West Australian researchers racing to create a new treatment to prevent and protect people from the potentially life-threatening complications of type 2 diabetes have been awarded new funding to fast-track their quest.

WA’s peak diabetes research funding group, Diabetes Research WA, has revealed that Associate Professor Kevin Pfleger and his Perth-based team will receive $60,000 to progress their work into a molecule called RAGE (the Receptor for Advanced Glycation End-products).

Professor Pfleger said RAGE was a molecule that sat in the membrane surrounding cells that were injured or stressed.

“As RAGE is only present when cells are in this injured or stressed mode – which happens in type 2 diabetes – it’s a key target that we believe we can home in on to possibly prevent and definitely use to help fight the health effects of this condition,” he explained.

“With our collaborators, we’ve discovered a new way in which this molecule is activated, triggering a cascade of signalling in cells that leads to inflammation and cell injury, and we’ve found a way to inhibit this process which should, in turn, limit the complications of type 2 developing, so it’s incredibly exciting.”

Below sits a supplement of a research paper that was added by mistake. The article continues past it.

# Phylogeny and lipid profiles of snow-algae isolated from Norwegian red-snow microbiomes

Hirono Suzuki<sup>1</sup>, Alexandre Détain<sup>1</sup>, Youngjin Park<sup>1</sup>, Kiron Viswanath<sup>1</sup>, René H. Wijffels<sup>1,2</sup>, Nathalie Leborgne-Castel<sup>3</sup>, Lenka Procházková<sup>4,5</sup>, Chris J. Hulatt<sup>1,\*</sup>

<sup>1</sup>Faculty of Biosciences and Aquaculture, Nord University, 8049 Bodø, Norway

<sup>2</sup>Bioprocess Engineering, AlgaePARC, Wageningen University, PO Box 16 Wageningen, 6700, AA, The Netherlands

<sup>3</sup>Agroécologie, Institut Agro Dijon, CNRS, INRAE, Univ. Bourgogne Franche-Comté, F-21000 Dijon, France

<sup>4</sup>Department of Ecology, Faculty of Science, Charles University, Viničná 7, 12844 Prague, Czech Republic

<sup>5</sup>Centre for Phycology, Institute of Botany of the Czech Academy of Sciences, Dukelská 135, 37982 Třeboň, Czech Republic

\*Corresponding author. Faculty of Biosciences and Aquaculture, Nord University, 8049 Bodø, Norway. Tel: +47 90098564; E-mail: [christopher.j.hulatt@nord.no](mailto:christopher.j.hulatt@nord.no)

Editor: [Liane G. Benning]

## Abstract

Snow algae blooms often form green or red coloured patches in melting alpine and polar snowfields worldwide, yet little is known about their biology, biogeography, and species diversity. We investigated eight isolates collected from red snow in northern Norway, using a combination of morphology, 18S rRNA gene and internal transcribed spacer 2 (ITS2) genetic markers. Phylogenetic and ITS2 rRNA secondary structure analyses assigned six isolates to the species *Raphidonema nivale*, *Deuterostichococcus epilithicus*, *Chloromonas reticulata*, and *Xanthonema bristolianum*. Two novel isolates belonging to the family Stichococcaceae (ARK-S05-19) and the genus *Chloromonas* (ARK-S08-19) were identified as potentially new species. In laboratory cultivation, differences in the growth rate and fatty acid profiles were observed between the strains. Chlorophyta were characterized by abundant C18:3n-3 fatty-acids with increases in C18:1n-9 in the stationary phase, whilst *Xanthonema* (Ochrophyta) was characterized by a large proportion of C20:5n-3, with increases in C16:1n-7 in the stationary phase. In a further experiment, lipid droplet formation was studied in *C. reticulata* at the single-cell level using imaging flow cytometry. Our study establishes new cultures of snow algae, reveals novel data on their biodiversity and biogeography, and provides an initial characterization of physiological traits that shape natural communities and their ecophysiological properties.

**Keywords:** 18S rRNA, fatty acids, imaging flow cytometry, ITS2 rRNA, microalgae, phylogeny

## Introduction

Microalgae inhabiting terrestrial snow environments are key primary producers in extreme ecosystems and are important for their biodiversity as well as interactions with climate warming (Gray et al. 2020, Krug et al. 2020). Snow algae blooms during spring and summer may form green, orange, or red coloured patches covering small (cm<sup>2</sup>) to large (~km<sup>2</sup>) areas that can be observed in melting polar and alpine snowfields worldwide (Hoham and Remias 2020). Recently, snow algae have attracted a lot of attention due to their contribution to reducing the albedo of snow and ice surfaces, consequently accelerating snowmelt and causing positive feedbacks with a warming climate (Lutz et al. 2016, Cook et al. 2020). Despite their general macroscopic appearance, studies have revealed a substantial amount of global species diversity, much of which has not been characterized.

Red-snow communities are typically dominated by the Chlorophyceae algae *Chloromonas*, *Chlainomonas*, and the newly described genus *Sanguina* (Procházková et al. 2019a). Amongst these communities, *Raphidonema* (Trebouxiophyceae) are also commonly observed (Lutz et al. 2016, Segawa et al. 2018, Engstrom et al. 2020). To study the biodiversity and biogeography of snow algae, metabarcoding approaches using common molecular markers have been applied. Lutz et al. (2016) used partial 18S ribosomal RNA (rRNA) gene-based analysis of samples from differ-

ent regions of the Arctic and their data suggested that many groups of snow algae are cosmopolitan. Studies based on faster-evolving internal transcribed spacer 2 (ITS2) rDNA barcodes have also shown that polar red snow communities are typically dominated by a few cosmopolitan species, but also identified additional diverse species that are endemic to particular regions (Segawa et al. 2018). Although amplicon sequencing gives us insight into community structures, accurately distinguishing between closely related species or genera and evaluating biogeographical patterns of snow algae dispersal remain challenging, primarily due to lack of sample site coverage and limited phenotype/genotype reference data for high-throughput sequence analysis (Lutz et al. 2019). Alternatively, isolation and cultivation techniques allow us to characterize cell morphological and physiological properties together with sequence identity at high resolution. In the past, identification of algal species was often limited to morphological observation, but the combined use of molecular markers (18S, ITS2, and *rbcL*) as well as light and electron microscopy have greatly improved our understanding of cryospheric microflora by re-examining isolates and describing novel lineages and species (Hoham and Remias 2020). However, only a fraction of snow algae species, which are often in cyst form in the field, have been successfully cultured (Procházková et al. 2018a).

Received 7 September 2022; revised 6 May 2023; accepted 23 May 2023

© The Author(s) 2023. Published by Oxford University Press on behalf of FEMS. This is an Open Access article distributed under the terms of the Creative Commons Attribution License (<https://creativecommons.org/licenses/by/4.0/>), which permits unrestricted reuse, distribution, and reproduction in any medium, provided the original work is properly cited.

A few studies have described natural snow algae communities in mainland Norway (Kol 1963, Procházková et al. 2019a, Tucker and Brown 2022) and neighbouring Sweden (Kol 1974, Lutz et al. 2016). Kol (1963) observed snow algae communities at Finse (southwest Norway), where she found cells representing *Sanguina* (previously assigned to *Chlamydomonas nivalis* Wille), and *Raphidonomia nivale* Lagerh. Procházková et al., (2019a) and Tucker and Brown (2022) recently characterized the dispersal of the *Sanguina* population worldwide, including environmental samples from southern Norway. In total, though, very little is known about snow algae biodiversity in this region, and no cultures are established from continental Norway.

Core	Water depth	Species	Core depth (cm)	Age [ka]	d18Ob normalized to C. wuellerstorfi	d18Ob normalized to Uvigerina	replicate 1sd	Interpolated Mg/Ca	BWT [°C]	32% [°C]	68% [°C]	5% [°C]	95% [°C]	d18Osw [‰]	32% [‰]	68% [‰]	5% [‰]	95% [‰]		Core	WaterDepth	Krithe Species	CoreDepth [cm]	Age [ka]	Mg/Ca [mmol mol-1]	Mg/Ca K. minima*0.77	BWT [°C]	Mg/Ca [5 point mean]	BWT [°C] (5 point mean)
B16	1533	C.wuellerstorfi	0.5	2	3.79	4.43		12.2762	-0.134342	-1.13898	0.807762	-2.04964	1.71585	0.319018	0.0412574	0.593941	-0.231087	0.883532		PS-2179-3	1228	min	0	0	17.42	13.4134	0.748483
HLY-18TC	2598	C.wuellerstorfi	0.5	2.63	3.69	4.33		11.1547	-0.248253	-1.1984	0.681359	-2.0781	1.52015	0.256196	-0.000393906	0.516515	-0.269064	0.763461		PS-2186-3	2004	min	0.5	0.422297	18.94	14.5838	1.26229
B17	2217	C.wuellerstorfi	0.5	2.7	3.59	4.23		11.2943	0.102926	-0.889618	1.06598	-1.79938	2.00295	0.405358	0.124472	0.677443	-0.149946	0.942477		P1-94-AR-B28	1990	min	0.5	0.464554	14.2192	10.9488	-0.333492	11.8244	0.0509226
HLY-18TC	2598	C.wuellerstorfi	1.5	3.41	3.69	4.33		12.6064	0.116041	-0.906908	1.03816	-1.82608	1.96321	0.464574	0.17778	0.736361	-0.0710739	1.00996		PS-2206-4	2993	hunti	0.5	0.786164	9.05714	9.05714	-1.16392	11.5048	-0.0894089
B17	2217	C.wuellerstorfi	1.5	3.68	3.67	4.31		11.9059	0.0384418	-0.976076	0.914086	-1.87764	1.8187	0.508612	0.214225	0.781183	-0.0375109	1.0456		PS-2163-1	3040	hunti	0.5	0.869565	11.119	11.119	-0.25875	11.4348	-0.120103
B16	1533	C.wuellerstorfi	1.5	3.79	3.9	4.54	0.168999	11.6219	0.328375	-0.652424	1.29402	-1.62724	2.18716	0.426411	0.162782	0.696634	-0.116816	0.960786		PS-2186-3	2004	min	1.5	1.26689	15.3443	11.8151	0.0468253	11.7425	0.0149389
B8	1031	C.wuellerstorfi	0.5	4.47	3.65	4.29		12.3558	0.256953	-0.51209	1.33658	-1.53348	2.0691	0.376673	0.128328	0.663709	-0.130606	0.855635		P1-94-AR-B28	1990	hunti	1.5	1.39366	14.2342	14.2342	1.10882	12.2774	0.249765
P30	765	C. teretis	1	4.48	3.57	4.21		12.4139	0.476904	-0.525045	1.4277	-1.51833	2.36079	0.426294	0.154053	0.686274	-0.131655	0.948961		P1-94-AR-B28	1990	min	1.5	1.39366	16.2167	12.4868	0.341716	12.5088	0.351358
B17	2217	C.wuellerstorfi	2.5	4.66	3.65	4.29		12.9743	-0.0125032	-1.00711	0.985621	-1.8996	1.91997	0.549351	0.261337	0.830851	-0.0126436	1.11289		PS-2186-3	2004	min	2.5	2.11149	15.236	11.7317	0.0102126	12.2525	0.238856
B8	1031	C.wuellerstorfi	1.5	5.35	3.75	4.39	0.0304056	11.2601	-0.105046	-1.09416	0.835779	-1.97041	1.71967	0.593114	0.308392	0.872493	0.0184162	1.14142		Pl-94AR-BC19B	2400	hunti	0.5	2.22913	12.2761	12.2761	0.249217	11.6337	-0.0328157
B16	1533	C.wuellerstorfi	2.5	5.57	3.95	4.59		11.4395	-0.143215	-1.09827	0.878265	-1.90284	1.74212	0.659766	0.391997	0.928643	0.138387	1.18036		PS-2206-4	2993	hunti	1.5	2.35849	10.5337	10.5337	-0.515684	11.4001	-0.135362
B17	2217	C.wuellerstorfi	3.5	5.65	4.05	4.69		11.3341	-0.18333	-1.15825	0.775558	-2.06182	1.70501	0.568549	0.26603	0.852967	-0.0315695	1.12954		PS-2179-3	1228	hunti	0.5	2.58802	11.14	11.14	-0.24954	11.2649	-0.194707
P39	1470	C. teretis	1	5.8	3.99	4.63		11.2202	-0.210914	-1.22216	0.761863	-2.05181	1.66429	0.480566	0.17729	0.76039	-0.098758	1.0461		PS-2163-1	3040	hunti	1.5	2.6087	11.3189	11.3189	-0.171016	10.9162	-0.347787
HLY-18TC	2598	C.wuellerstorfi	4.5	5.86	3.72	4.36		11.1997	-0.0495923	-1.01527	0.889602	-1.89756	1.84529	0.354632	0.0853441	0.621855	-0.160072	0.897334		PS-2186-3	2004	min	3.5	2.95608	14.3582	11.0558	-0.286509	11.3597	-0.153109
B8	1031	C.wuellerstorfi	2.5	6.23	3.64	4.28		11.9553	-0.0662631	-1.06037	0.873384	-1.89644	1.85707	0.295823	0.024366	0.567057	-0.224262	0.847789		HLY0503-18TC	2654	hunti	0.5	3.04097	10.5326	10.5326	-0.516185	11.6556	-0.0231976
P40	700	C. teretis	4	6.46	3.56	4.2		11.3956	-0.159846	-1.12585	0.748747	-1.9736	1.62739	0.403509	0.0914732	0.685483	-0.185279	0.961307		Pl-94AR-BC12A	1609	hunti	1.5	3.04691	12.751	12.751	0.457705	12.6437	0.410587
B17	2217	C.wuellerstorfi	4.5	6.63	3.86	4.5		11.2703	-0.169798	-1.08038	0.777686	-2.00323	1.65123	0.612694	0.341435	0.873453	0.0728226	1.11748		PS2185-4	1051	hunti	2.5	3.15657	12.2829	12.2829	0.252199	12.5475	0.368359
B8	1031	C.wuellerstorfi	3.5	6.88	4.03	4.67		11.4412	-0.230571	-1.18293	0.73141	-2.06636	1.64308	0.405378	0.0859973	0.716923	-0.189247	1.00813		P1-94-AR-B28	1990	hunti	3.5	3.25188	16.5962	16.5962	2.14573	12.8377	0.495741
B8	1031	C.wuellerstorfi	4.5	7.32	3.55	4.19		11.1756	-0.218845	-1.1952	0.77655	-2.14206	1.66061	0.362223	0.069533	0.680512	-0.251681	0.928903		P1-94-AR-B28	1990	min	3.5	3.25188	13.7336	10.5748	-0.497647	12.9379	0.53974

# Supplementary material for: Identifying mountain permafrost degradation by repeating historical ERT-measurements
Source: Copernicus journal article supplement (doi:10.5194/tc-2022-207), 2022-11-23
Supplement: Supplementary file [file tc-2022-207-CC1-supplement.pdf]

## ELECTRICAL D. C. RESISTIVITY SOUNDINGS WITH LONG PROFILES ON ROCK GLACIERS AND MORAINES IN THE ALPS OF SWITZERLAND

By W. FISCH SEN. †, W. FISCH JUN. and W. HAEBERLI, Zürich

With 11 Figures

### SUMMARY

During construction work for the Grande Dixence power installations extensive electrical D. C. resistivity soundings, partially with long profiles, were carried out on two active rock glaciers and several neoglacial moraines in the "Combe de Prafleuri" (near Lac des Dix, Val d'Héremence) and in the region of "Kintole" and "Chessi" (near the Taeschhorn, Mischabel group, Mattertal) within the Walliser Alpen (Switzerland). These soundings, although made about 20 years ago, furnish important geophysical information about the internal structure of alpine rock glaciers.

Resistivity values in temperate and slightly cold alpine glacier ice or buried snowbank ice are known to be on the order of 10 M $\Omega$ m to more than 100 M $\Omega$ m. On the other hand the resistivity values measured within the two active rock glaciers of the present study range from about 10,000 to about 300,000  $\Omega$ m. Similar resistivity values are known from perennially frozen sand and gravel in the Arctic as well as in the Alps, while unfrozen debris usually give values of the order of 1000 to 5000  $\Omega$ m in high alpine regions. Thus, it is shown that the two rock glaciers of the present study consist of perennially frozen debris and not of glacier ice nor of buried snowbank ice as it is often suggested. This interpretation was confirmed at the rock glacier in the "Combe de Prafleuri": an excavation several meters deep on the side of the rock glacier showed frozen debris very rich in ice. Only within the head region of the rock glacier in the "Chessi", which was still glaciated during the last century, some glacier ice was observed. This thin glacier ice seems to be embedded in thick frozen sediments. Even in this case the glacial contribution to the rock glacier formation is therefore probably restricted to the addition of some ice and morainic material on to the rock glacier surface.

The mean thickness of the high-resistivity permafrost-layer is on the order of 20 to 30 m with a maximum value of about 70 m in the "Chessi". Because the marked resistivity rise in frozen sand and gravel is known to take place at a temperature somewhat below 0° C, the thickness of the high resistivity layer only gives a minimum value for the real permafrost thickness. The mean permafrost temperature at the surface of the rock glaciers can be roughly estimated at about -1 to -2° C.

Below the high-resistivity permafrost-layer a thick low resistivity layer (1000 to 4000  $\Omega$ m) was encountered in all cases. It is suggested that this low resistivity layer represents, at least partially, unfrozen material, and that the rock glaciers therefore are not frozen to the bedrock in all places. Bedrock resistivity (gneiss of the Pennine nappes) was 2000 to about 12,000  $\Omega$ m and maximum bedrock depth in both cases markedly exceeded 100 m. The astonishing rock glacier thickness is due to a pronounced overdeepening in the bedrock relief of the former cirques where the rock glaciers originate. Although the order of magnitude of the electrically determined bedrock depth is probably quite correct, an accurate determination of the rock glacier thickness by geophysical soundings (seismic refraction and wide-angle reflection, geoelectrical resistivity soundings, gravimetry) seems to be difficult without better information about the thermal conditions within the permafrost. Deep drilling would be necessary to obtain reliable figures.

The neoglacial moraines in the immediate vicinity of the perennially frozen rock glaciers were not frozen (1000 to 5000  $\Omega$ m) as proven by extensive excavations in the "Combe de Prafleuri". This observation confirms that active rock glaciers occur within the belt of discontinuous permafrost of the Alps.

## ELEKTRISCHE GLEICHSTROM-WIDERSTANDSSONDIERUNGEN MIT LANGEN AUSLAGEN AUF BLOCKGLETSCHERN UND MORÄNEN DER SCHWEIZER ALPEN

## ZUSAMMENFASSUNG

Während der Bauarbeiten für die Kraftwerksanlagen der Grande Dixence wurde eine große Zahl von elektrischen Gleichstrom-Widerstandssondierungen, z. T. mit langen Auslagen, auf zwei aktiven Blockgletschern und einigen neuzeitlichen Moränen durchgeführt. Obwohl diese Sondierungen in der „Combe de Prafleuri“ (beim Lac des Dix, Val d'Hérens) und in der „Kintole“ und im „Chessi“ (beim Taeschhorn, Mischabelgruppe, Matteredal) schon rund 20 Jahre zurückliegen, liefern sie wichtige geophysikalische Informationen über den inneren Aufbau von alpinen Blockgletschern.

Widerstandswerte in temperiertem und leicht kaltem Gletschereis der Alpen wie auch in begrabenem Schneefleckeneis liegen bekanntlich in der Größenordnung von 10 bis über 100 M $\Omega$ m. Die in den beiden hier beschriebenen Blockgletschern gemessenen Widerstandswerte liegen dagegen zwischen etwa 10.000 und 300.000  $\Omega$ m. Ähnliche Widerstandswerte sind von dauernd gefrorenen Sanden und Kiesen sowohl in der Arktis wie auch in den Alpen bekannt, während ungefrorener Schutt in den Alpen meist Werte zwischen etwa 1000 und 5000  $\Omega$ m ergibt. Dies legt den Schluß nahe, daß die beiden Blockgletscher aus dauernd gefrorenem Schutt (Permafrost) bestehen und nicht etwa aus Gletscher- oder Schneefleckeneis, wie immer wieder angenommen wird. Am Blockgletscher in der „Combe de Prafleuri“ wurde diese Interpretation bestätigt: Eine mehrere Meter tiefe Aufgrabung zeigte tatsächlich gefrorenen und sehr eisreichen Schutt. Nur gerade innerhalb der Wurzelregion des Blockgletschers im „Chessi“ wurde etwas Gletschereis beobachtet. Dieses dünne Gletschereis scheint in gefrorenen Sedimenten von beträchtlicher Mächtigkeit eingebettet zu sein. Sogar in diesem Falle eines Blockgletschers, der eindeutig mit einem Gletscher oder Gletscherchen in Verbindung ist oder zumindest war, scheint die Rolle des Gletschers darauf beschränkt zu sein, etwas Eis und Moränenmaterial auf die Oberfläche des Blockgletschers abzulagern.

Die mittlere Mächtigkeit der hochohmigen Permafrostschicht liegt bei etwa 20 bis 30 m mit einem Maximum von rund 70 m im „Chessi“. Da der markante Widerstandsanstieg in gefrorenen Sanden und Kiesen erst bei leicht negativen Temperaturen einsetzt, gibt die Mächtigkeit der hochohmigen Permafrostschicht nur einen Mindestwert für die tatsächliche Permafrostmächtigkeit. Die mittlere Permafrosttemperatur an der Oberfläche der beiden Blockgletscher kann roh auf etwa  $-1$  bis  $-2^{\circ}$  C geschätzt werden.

Diabetes Research WA executive director Sherl Westlund congratulated A/Professor Pfleger.

“This project could be a significant game-changer in the treatment of type 2 diabetes as there remains an unmet need for innovative treatment strategies to manage this condition, and shows how Western Australia is at the forefront of advances in this field,” she said.

The work will also harness powerful bioluminescence resonance energy transfer (BRET) technology, developed at the University of Western Australia, that A/Professor Pfleger is well-known for using in his cutting-edge research.

The project is being done in collaboration with leading diabetes researcher Professor Merlin Thomas from Australia’s Monash University.

Diabetes Australia states that every day, 280 Australians develop diabetes – or one every 5 minutes.

Including an estimated half a million undiagnosed type 2 diabetes cases, 1.7 million Australians have diabetes and this number is growing at a rate faster than other chronic diseases such as heart disease and cancer.

Type 2 diabetes accounts for 85% of all diabetes and is increasing.